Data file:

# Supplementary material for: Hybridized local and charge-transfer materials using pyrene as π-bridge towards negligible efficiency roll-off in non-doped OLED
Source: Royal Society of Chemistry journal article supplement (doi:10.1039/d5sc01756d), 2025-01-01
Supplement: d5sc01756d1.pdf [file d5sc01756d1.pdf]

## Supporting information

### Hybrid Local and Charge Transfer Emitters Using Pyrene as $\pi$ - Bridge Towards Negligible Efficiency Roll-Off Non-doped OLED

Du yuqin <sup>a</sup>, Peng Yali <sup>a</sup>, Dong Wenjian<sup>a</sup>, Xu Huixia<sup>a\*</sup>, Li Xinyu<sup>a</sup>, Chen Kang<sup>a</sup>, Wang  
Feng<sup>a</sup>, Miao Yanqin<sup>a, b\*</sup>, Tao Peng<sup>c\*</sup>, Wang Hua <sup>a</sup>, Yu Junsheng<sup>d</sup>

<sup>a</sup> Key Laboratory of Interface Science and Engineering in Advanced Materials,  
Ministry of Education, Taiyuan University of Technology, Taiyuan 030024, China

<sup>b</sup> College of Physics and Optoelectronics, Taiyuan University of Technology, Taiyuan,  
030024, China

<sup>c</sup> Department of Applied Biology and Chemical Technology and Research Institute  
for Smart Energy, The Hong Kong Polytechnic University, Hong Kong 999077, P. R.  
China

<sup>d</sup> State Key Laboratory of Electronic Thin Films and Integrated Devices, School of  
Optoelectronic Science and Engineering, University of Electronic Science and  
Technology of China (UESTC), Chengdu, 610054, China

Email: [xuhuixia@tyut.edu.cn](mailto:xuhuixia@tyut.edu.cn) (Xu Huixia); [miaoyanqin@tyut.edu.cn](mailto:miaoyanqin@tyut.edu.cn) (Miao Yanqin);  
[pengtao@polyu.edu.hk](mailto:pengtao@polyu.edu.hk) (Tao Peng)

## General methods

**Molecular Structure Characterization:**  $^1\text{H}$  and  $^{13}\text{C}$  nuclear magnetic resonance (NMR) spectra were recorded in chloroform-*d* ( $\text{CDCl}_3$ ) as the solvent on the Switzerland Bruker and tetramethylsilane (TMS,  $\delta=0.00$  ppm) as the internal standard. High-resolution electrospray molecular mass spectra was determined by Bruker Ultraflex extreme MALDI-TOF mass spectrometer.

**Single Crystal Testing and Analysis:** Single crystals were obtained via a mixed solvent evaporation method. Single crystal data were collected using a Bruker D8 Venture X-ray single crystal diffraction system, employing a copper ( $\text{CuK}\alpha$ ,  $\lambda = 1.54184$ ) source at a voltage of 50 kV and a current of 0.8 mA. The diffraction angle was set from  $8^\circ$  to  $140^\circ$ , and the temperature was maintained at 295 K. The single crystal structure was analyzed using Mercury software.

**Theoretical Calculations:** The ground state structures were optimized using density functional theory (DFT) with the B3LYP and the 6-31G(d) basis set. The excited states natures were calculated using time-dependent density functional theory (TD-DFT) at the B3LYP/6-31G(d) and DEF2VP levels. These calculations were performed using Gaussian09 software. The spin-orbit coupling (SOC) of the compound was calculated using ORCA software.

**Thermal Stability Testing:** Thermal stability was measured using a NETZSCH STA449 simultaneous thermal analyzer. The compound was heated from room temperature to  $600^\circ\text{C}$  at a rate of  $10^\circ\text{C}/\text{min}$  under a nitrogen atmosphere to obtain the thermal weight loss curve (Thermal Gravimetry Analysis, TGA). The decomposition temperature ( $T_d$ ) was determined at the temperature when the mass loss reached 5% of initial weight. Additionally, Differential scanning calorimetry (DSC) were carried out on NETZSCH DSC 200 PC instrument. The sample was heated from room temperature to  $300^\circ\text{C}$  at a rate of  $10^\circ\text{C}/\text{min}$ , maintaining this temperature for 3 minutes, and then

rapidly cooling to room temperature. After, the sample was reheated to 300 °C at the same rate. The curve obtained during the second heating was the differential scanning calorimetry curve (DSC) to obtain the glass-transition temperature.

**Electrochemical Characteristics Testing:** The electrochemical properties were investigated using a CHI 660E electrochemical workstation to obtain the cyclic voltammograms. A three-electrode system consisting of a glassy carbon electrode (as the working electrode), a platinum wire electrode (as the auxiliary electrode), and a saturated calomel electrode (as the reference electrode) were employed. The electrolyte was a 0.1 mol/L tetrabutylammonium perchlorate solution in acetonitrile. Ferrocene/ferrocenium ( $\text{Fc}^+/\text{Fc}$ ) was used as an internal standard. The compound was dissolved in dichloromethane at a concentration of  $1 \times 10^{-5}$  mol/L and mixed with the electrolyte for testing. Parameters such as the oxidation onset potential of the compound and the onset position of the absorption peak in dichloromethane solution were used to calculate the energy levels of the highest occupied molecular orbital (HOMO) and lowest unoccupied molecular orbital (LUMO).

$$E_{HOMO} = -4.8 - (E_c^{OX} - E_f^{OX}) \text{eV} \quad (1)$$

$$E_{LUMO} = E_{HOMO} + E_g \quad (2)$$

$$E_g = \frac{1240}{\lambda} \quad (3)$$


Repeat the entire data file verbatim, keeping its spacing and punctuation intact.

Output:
# Supplementary material for: Hybridized local and charge-transfer materials using pyrene as π-bridge towards negligible efficiency roll-off in non-doped OLED
Source: Royal Society of Chemistry journal article supplement (doi:10.1039/d5sc01756d), 2025-01-01
Supplement: d5sc01756d1.pdf [file d5sc01756d1.pdf]

## Supporting information

### Hybrid Local and Charge Transfer Emitters Using Pyrene as $\pi$ - Bridge Towards Negligible Efficiency Roll-Off Non-doped OLED

Du yuqin <sup>a</sup>, Peng Yali <sup>a</sup>, Dong Wenjian<sup>a</sup>, Xu Huixia<sup>a\*</sup>, Li Xinyu<sup>a</sup>, Chen Kang<sup>a</sup>, Wang  
Feng<sup>a</sup>, Miao Yanqin<sup>a, b\*</sup>, Tao Peng<sup>c\*</sup>, Wang Hua <sup>a</sup>, Yu Junsheng<sup>d</sup>

<sup>a</sup> Key Laboratory of Interface Science and Engineering in Advanced Materials,  
Ministry of Education, Taiyuan University of Technology, Taiyuan 030024, China

<sup>b</sup> College of Physics and Optoelectronics, Taiyuan University of Technology, Taiyuan,  
030024, China

<sup>c</sup> Department of Applied Biology and Chemical Technology and Research Institute  
for Smart Energy, The Hong Kong Polytechnic University, Hong Kong 999077, P. R.  
China

<sup>d</sup> State Key Laboratory of Electronic Thin Films and Integrated Devices, School of  
Optoelectronic Science and Engineering, University of Electronic Science and  
Technology of China (UESTC), Chengdu, 610054, China

Email: [xuhuixia@tyut.edu.cn](mailto:xuhuixia@tyut.edu.cn) (Xu Huixia); [miaoyanqin@tyut.edu.cn](mailto:miaoyanqin@tyut.edu.cn) (Miao Yanqin);  
[pengtao@polyu.edu.hk](mailto:pengtao@polyu.edu.hk) (Tao Peng)

## General methods

**Molecular Structure Characterization:**  $^1\text{H}$  and  $^{13}\text{C}$  nuclear magnetic resonance (NMR) spectra were recorded in chloroform-*d* ( $\text{CDCl}_3$ ) as the solvent on the Switzerland Bruker and tetramethylsilane (TMS,  $\delta=0.00$  ppm) as the internal standard. High-resolution electrospray molecular mass spectra was determined by Bruker Ultraflex extreme MALDI-TOF mass spectrometer.

**Single Crystal Testing and Analysis:** Single crystals were obtained via a mixed solvent evaporation method. Single crystal data were collected using a Bruker D8 Venture X-ray single crystal diffraction system, employing a copper ( $\text{CuK}\alpha$ ,  $\lambda = 1.54184$ ) source at a voltage of 50 kV and a current of 0.8 mA. The diffraction angle was set from  $8^\circ$  to  $140^\circ$ , and the temperature was maintained at 295 K. The single crystal structure was analyzed using Mercury software.

**Theoretical Calculations:** The ground state structures were optimized using density functional theory (DFT) with the B3LYP and the 6-31G(d) basis set. The excited states natures were calculated using time-dependent density functional theory (TD-DFT) at the B3LYP/6-31G(d) and DEF2VP levels. These calculations were performed using Gaussian09 software. The spin-orbit coupling (SOC) of the compound was calculated using ORCA software.

**Thermal Stability Testing:** Thermal stability was measured using a NETZSCH STA449 simultaneous thermal analyzer. The compound was heated from room temperature to  $600^\circ\text{C}$  at a rate of  $10^\circ\text{C}/\text{min}$  under a nitrogen atmosphere to obtain the thermal weight loss curve (Thermal Gravimetry Analysis, TGA). The decomposition temperature ( $T_d$ ) was determined at the temperature when the mass loss reached 5% of initial weight. Additionally, Differential scanning calorimetry (DSC) were carried out on NETZSCH DSC 200 PC instrument. The sample was heated from room temperature to  $300^\circ\text{C}$  at a rate of  $10^\circ\text{C}/\text{min}$ , maintaining this temperature for 3 minutes, and then

rapidly cooling to room temperature. After, the sample was reheated to 300 °C at the same rate. The curve obtained during the second heating was the differential scanning calorimetry curve (DSC) to obtain the glass-transition temperature.

**Electrochemical Characteristics Testing:** The electrochemical properties were investigated using a CHI 660E electrochemical workstation to obtain the cyclic voltammograms. A three-electrode system consisting of a glassy carbon electrode (as the working electrode), a platinum wire electrode (as the auxiliary electrode), and a saturated calomel electrode (as the reference electrode) were employed. The electrolyte was a 0.1 mol/L tetrabutylammonium perchlorate solution in acetonitrile. Ferrocene/ferrocenium ( $\text{Fc}^+/\text{Fc}$ ) was used as an internal standard. The compound was dissolved in dichloromethane at a concentration of  $1 \times 10^{-5}$  mol/L and mixed with the electrolyte for testing. Parameters such as the oxidation onset potential of the compound and the onset position of the absorption peak in dichloromethane solution were used to calculate the energy levels of the highest occupied molecular orbital (HOMO) and lowest unoccupied molecular orbital (LUMO).

$$E_{HOMO} = -4.8 - (E_c^{OX} - E_f^{OX}) \text{eV} \quad (1)$$

$$E_{LUMO} = E_{HOMO} + E_g \quad (2)$$

$$E_g = \frac{1240}{\lambda} \quad (3)$$